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Falling hard for pandemic puppy love

Falling hard for pandemic puppy love Photo by Andrew Dreyer from Pexels

I’d always heard having a puppy was a little like having a baby. I’ve learned over the past two months that information is correct. 

As a Christmas gift, my boyfriend and I decided to get our collective five children an Australian Shepherd puppy. We deliberated between two puppies from the same litter, a black tri-color and a blue merle. After much rumination, we were drawn to the fluffy black tri-color with a flame on his forehead. Once we knew what our little guy looked like, we spent hours talking about names. 

Similar to two parents selecting a moniker for their child, we made lists, trying to find meaning to whatever name we chose. To get started, we researched the Australian Shepherd breed. Despite its title, this medium-sized herding dog is quintessentially American, a breed developed out West in states such as California, Colorado, Wyoming and Idaho. The original purpose of the breed was to tend to the large flocks of sheep grazing in this part of the country. 

We wanted his name to reflect his Western origin. Our initial list included Mac, Ringo, Bogart, Finn, Sam, Baker, Hatch, Durango and Bowman. Our friend suggested he have a first and middle name. Ultimately we decided on Ringo Mac. His colors offer the impressions of rings and the flame on his head made me think of Johnny Cash’s Ring of Fire. The word “Mac” is part of our street name. 

Though we adults usually call him Ringo, the kids have created a few nicknames such as Ringo Bingo and Ringus Dingus. He’s a bit of a stinker right now so the latter names better fit his current personality. 

After about two weeks of snuggly puppy time, Ringo turned into a full-blown, bull-in-a-china cabinet toddler, chewing everything in sight, using the bathroom wherever he pleased and waking his parents up in the night. While I’ve owned dogs in the past, Ringo is the first puppy I’ve raised from infancy. And boy, is it an experience. 

Since I’ve been working mostly from home during the pandemic, I’ve taken on the daytime responsibilities while my boyfriend gets up in the night. Ringo has already made great strides on the potty training front. He very rarely goes number 1 in the house, but he still occasionally goes number 2. My veteran dog owner friends assure me that four months is a turning point when it comes to potty training. Ringo will be four months on March 10. We’re counting down the days.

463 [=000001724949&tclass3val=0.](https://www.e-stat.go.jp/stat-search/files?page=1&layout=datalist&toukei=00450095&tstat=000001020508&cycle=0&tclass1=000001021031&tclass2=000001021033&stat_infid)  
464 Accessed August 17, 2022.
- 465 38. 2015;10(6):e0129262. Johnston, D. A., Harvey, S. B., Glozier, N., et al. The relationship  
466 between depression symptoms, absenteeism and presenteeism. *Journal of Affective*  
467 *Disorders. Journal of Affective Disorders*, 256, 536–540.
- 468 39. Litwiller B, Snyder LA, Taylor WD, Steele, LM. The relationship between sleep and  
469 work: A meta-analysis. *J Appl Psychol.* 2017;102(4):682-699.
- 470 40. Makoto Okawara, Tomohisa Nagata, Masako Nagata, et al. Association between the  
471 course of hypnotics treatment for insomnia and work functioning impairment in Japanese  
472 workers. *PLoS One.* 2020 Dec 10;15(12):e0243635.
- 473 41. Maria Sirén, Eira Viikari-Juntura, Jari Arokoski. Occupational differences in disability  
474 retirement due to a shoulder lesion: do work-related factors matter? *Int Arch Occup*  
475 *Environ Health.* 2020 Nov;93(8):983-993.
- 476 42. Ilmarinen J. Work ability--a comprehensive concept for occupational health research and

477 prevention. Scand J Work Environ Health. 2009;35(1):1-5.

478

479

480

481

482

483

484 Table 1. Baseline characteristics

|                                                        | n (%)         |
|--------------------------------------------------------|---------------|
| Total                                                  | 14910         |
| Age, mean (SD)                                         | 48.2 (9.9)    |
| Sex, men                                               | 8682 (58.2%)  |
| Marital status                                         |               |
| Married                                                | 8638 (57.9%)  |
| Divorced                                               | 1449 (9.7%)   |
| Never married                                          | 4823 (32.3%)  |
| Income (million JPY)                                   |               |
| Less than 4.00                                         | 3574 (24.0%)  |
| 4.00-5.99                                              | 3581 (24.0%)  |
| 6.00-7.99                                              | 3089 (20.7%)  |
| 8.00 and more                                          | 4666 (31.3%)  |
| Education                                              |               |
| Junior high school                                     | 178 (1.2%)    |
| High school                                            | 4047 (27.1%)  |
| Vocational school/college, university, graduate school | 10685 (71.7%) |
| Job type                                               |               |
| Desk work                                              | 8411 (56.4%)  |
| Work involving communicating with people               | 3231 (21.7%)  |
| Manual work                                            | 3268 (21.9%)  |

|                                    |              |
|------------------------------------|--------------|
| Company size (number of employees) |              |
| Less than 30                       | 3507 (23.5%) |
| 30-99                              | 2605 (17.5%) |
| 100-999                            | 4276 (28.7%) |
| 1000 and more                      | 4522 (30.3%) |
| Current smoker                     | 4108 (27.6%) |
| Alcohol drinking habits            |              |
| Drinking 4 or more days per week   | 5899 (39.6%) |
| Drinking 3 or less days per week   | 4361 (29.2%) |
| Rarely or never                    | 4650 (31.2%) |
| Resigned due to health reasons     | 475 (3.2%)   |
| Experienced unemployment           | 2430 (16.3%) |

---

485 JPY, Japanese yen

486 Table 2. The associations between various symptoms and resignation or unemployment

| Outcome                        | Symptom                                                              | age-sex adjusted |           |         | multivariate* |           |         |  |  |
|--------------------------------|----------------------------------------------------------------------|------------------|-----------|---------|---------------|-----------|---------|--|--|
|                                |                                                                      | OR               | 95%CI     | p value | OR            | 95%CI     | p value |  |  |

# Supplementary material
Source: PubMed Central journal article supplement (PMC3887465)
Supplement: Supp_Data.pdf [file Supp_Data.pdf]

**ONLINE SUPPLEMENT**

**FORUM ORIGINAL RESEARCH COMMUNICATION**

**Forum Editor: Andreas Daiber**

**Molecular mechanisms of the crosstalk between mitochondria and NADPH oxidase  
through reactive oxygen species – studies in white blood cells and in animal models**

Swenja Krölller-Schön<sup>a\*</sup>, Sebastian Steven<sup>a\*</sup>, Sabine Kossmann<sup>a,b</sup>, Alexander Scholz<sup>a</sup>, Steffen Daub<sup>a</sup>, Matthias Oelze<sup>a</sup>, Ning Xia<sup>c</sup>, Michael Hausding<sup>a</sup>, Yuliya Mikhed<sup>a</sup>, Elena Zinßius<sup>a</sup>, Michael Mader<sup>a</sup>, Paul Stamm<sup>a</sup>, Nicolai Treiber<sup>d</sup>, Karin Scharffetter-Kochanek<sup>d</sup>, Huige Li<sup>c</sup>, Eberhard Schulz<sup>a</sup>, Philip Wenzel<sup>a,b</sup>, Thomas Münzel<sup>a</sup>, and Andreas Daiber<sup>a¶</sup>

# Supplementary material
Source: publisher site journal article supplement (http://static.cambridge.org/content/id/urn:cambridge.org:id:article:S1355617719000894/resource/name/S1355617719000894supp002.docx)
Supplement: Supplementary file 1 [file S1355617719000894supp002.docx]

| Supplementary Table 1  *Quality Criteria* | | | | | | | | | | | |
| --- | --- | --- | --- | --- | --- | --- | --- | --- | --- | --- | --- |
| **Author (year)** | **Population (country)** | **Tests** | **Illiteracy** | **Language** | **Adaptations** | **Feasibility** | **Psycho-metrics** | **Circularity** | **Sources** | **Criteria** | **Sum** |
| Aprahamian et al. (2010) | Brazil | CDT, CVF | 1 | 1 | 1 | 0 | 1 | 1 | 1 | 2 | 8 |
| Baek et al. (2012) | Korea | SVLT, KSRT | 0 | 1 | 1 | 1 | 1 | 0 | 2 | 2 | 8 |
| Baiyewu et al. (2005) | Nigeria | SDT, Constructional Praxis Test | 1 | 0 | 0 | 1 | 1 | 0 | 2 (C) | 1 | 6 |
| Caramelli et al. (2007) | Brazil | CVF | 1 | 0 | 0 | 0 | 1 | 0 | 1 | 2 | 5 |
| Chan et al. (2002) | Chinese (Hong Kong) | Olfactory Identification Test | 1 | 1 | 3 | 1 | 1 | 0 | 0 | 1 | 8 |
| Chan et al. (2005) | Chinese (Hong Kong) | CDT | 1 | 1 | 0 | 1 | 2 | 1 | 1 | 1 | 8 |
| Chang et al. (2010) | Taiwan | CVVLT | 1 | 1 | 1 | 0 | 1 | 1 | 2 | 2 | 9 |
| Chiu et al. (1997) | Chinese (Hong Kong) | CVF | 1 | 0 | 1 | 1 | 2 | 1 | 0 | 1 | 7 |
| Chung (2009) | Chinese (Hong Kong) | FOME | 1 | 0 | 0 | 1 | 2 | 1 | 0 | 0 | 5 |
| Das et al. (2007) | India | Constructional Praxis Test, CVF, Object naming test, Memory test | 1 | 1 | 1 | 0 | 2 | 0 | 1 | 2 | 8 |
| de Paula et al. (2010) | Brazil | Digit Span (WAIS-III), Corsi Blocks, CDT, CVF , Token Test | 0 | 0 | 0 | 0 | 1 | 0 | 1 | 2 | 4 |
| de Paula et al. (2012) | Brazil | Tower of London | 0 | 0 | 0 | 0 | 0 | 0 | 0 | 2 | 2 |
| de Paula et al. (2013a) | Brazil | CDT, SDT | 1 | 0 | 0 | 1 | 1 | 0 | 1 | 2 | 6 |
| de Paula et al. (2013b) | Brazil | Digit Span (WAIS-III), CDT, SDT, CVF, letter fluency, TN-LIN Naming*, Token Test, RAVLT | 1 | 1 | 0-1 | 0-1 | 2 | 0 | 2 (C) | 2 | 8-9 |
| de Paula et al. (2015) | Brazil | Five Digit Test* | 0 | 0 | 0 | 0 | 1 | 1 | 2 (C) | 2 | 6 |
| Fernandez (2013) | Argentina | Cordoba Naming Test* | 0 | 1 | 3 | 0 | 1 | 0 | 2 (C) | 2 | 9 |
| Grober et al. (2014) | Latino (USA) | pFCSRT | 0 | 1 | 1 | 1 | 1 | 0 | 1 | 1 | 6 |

Then there’s the issue of those pesky sharp puppy teeth. He doesn’t nip too much at us alphas, but he tends to nip incessantly at the kids when he wants them to play. This doesn’t bode well when it results in holes in Adidas trainer pants or broken skin that requires a Band-Aid. At a recent vet appointment, the doctor said his puppy teeth should be falling out any day. Woo-hoo! 

In Ringo’s defense, he has a wonderful disposition. He loves being with his humans and follows us around everywhere, which is very cute. If we’re sitting at the dining room table, he’s under our feet. If we move to the kitchen to wash dishes, he follows us. When we transition to the living room, he follows us there too. 

He’s also learned quite a bit in his young life. We’ve taught him how to sit, stay and fetch. He’s great with other animals and enjoys socializing. He’s trying extremely hard to make friends with our cat, Oliver, who isn’t very interested in a friendship at the moment. Maybe one day. 

We’re working hard on leash walking so we can take Ringo out and about with us wherever we go. Our pup also loves to ride in the car. We want him to travel and adventure with us, so we’ve made sure he gets used to riding in the car at a young age. 

I’m not sure we would have chosen to get a puppy had the pandemic not happened. In a typical year, we’re constantly on the go and traveling all over the place so having a young dog would have been challenging. But with more time at home and more minutes to think about what’s truly important, we decided to delve into the world of dog ownership. 

We’re not the only ones, apparently. An estimated 11.3 million U.S. households have acquired a new pet during the COVID-19 era, according to the American Pet Products Association. Further, three out of four pet owners say spending time with a dog, cat or other animal has helped reduce stress and increase a sense of well being during the pandemic. Whether to fill an emotional void or because of more time at home, pet sales and adoptions have soared over the past year. Shelters and breeders are having trouble keeping up with the demand. 

 Despite the challenges of having a new puppy, I’m falling madly in love with Ringo Mac. Just like with our kids, I know time will fly and before we know it, he’ll be an old tired dog sleeping most of the day. We have more training to do and it will require much patience, but I feel motivated and excited. It takes a lot to turn my heart to mush, but our new furry family member seems to be doing it with ease. 

(Susanna Shetley is an editor, writer and digital media specialist with The Smoky Mountain News, Smoky Mountain Living, and Mountain South Media. This email address is being protected from spambots. You need JavaScript enabled to view it.)

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